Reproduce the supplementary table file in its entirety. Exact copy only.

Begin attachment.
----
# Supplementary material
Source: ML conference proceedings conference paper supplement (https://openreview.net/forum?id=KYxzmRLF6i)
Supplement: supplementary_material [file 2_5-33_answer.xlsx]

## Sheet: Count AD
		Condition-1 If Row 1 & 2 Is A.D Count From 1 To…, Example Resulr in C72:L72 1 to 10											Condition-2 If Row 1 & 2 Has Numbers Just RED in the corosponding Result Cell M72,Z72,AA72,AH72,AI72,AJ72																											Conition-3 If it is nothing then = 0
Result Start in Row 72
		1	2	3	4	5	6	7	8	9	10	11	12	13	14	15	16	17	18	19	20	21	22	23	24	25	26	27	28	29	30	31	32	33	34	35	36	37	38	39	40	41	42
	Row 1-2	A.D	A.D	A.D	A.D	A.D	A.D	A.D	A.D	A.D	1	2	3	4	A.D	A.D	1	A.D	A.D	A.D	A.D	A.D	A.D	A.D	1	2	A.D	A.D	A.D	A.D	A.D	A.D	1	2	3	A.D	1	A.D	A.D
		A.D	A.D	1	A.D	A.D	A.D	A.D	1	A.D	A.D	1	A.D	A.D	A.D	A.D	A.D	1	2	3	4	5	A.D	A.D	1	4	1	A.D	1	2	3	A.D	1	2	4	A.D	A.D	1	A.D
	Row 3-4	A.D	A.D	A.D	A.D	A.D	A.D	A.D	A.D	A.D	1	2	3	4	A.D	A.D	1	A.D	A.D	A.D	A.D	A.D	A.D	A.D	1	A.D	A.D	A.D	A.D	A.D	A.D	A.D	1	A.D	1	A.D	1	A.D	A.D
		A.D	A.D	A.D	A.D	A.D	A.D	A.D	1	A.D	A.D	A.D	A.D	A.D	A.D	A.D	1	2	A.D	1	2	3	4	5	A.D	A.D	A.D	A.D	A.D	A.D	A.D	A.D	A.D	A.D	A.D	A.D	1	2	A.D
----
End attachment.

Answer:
# Supplementary material
Source: ML conference proceedings conference paper supplement (https://openreview.net/forum?id=KYxzmRLF6i)
Supplement: supplementary_material [file 2_5-33_answer.xlsx]

## Sheet: Count AD
		Condition-1 If Row 1 & 2 Is A.D Count From 1 To…, Example Resulr in C72:L72 1 to 10											Condition-2 If Row 1 & 2 Has Numbers Just RED in the corosponding Result Cell M72,Z72,AA72,AH72,AI72,AJ72																											Conition-3 If it is nothing then = 0
Result Start in Row 72
		1	2	3	4	5	6	7	8	9	10	11	12	13	14	15	16	17	18	19	20	21	22	23	24	25	26	27	28	29	30	31	32	33	34	35	36	37	38	39	40	41	42
	Row 1-2	A.D	A.D	A.D	A.D	A.D	A.D	A.D	A.D	A.D	1	2	3	4	A.D	A.D	1	A.D	A.D	A.D	A.D	A.D	A.D	A.D	1	2	A.D	A.D	A.D	A.D	A.D	A.D	1	2	3	A.D	1	A.D	A.D
		A.D	A.D	1	A.D	A.D	A.D	A.D	1	A.D	A.D	1	A.D	A.D	A.D	A.D	A.D	1	2	3	4	5	A.D	A.D	1	4	1	A.D	1	2	3	A.D	1	2	4	A.D	A.D	1	A.D
	Row 3-4	A.D	A.D	A.D	A.D	A.D	A.D	A.D	A.D	A.D	1	2	3	4	A.D	A.D	1	A.D	A.D	A.D	A.D	A.D	A.D	A.D	1	A.D	A.D	A.D	A.D	A.D	A.D	A.D	1	A.D	1	A.D	1	A.D	A.D
		A.D	A.D	A.D	A.D	A.D	A.D	A.D	1	A.D	A.D	A.D	A.D	A.D	A.D	A.D	1	2	A.D	1	2	3	4	5	A.D	A.D	A.D	A.D	A.D	A.D	A.D	A.D	A.D	A.D	A.D	A.D	1	2	A.D